Seated behind a tiny, worn desk in junior high, a young girl scribbled feverishly across a blank sheet of printer paper in her soon-to-be fully developed handwriting: “Atlanta Olympics, Georgia 1996. I have a dream.” The day the small sign was written, it was hung proudly on her bedroom wall where she could look at it each morning when she awoke and each night before she turned off her lights — a reminder of the goal she hoped to accomplish one day.
In celebration of the 20th anniversary of the 1996 Olympic Games, journalists, students and even executives who helped to plan the event gathered in Atlanta, Georgia on Feb. 19. With the sun beaming down from an endless blue sky on Centennial Olympic Park, time seemed to stand still as the event began — transporting each individual back in time to those incredible games and the honor that being a part of them in even the simplest way had brought them.
Titled “Atlanta, 20 Years Later,” the event promised to share lessons in sports media from the last American Summer Olympic Games. With the keynote speaker being Briana Scurry, it did much more than that. Bringing the games back to life themselves, her words painted an image that only its athletes would have had the opportunity to experience.
With her signage constantly in sight, then-preteen Scurry was certain that she would be at those Olympic Games — she just wasn’t sure about how. At the time, the aspiring athlete had earned spots on her schools’ basketball, track and field and soccer teams — and, while soccer rose to the top of her list, it was the only one not considered an Olympic sport, especially for women.
Regardless of that fact, Scurry continued to pursue her dream and went on to play the sport at University of Massachusetts Amherst, where she was recruited to the women’s All-American team as starting goalkeeper. During one of the most important games of the season, one where scouts from across the country were in attendance, Scurry and her teammates were no match for some of the impressive members of the University of North Carolina team.
Still, despite the difficult loss the team had just faced, the young athlete was among a group of women asked to attend the sport’s National Camp in 1993. While there, Scurry recalled the way she would constantly be scored on and, in turn, felt as though she were not as talented as some of the other women. However, it was her coach who thought otherwise: “We don’t care how many times the ball goes into the net. It’s that you rise up after every goal that is scored and try even harder the next time.”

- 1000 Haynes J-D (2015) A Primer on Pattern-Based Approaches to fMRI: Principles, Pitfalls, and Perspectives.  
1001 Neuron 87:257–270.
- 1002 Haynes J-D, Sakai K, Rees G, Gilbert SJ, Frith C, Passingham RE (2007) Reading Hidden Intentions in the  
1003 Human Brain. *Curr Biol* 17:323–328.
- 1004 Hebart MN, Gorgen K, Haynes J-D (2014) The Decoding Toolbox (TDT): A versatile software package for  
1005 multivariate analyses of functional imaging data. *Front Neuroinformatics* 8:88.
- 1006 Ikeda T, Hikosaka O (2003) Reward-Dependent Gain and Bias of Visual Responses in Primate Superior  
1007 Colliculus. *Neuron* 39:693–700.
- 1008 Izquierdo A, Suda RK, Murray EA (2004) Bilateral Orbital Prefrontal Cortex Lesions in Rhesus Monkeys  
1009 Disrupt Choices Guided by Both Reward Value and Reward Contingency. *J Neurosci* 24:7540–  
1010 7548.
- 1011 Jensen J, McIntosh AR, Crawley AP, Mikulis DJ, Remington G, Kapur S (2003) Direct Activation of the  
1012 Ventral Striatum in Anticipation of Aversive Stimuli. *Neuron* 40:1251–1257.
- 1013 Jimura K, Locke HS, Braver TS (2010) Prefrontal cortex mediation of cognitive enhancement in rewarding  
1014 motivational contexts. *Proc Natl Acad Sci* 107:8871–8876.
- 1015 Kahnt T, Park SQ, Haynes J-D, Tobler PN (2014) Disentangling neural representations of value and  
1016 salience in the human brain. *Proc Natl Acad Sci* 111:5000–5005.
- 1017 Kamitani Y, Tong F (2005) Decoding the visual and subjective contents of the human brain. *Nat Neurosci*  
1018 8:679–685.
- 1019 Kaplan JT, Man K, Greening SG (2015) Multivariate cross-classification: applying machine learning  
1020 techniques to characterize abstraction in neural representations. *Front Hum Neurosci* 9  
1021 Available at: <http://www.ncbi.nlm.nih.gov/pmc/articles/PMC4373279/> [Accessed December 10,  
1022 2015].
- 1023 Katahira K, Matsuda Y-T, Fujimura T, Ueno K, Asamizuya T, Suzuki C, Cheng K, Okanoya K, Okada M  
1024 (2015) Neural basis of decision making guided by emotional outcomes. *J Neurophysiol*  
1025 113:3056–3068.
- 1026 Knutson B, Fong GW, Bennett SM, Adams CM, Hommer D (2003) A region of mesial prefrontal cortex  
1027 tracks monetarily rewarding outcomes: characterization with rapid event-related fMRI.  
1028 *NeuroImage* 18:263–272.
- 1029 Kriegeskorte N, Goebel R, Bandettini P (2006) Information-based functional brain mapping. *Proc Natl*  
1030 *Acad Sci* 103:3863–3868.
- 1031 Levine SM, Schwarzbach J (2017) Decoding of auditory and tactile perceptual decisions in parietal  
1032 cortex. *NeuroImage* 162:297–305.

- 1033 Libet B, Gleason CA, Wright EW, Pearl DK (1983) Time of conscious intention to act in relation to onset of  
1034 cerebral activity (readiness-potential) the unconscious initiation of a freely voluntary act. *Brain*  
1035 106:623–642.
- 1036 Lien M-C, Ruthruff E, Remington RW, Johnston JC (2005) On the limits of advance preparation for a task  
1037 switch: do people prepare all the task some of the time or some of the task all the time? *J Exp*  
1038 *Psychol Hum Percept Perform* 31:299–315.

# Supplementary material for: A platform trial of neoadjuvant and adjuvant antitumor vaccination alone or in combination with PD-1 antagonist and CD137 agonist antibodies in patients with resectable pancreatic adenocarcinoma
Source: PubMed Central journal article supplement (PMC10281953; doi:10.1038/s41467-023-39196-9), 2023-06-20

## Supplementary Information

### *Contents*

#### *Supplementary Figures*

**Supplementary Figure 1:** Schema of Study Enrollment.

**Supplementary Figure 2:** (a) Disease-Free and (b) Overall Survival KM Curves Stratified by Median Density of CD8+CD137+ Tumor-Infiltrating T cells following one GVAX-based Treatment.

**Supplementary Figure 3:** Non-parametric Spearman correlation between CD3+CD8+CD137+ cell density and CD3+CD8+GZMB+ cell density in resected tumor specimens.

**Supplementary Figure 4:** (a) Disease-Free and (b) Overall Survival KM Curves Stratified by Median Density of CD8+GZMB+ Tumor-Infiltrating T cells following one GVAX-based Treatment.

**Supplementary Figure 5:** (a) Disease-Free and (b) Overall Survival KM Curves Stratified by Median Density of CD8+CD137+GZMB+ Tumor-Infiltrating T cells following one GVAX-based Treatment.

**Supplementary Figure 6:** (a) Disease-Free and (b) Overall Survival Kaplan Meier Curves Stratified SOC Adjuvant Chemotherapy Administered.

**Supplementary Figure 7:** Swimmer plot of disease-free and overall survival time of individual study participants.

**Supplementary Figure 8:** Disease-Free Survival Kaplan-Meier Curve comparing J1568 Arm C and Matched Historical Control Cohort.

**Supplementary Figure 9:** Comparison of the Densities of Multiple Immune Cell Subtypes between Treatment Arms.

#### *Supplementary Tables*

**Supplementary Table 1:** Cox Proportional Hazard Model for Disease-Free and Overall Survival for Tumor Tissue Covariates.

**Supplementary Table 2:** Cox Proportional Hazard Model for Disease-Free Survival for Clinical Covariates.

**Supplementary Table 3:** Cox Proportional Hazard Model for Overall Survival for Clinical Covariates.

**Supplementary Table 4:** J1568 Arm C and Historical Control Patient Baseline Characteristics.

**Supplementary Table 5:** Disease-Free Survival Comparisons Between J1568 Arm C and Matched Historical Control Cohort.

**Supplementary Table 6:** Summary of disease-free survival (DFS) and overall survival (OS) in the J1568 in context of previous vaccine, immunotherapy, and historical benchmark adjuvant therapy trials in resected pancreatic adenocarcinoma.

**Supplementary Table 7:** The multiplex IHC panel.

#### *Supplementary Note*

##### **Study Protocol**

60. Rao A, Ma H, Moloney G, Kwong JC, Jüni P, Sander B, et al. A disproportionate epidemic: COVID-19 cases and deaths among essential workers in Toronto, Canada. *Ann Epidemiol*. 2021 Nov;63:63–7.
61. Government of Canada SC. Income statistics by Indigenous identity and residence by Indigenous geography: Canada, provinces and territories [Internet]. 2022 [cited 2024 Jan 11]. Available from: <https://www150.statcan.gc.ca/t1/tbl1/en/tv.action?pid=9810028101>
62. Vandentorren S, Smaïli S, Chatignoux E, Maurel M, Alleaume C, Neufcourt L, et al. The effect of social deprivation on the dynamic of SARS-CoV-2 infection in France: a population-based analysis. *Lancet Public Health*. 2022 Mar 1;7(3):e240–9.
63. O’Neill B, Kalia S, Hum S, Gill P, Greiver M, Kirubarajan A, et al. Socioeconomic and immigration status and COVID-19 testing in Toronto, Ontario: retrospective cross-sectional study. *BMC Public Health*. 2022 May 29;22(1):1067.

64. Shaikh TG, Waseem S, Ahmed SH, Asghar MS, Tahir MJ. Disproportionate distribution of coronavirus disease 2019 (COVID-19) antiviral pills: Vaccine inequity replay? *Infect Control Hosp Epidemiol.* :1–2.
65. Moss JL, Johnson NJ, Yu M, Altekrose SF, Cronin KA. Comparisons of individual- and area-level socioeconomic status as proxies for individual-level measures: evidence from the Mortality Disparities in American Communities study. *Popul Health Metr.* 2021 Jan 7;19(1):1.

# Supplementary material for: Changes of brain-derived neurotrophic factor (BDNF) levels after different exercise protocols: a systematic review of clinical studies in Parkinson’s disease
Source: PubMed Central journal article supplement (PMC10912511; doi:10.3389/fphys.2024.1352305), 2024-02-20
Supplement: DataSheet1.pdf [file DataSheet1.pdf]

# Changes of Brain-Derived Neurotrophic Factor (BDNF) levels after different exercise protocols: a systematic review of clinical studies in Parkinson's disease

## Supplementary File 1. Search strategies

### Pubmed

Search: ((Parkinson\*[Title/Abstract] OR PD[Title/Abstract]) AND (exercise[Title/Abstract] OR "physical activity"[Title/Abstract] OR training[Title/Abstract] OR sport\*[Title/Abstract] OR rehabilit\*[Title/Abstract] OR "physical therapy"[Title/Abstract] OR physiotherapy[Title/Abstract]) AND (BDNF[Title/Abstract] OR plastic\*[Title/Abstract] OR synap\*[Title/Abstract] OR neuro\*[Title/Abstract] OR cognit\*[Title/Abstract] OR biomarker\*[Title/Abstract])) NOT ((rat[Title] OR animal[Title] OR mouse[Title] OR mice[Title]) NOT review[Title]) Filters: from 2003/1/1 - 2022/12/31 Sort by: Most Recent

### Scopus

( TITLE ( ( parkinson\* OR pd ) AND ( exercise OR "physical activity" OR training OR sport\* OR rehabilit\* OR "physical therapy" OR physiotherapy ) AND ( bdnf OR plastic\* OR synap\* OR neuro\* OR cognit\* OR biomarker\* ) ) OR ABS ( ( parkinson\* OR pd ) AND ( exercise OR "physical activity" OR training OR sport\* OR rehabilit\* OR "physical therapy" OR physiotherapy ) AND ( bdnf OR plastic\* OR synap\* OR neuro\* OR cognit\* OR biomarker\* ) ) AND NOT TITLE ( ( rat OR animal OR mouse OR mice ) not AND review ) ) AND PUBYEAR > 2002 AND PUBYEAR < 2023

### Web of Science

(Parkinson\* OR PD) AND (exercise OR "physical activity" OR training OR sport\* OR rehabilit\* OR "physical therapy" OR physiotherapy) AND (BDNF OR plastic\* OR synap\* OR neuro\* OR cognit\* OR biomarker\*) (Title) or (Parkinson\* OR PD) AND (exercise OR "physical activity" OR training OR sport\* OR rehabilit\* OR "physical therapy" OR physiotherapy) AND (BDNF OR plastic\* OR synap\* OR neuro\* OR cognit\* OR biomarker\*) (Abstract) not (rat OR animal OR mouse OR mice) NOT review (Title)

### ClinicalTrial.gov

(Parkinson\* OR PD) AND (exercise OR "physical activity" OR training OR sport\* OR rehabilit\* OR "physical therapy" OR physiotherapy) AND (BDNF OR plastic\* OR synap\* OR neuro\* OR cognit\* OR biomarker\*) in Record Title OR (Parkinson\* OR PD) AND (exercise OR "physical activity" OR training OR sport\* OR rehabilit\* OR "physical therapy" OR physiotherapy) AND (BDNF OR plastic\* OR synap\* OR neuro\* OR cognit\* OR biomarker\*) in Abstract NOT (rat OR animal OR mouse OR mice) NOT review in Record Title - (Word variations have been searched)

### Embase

After attending camp for quite some time, Scurry rose from the fifth most impressive athlete there to the first, and, in turn, would attend the Sweden World Cup in 1995 to prove it. Securing a win there, the goalkeeper soon found out that the fading poster on her bedroom wall that she had written not too long ago would soon “become a reality.”
Before she knew it, Scurry was standing outside the stadium at the opening ceremony of the 1996 Olympic Games with other members of the women’s soccer team. With a sense of nostalgia, the now-retired athlete went on to describe the feeling of entering the stadium for the first time. “Everyone who goes to the Olympics cries,” said Scurry. “Even the 7-foot basketball players are running around like little boys.”
The 1996 Summer Olympics marked the first time that women were invited to compete in the association football (soccer) tournament and, in the final between the United States and China, 76,000 spectators filled the stands. “People couldn’t believe that people would show up for women’s games,” said Scurry. “Those fans came to see us.”
At the end of games which would become known as the year of the women, Scurry and her teammates took home the gold against China in a close match that ended 2-1. Following the win of a lifetime, the team went on to play in the 1999 World Cup where Scurry experienced a movement towards rising numbers in attendance for standalone women’s sports and games.
Towards the top of the hour, Scurry ended by taking a moment to reflect on the past and the promise of the future ahead for women’s sports. That night, women’s U.S. soccer played for the right to punch their ticket to the 2016 Summer Olympics in Rio de Janeiro, Brazil. “The greatest gift is being able to watch the women who were watching me on TV the way I once watched other women on television when I was 8 years old.”
After a round of applause following her presentation, Scurry posed for photographs as well spoke with members of the audience of her inspirational journey despite the hurdles that stood in her way. For some, she even pulled out her two gold medals — one from 1996 and the other from 2004, which she allowed them to hold. “Go ahead, put it on — I’m all about equal opportunity,” said Scurry.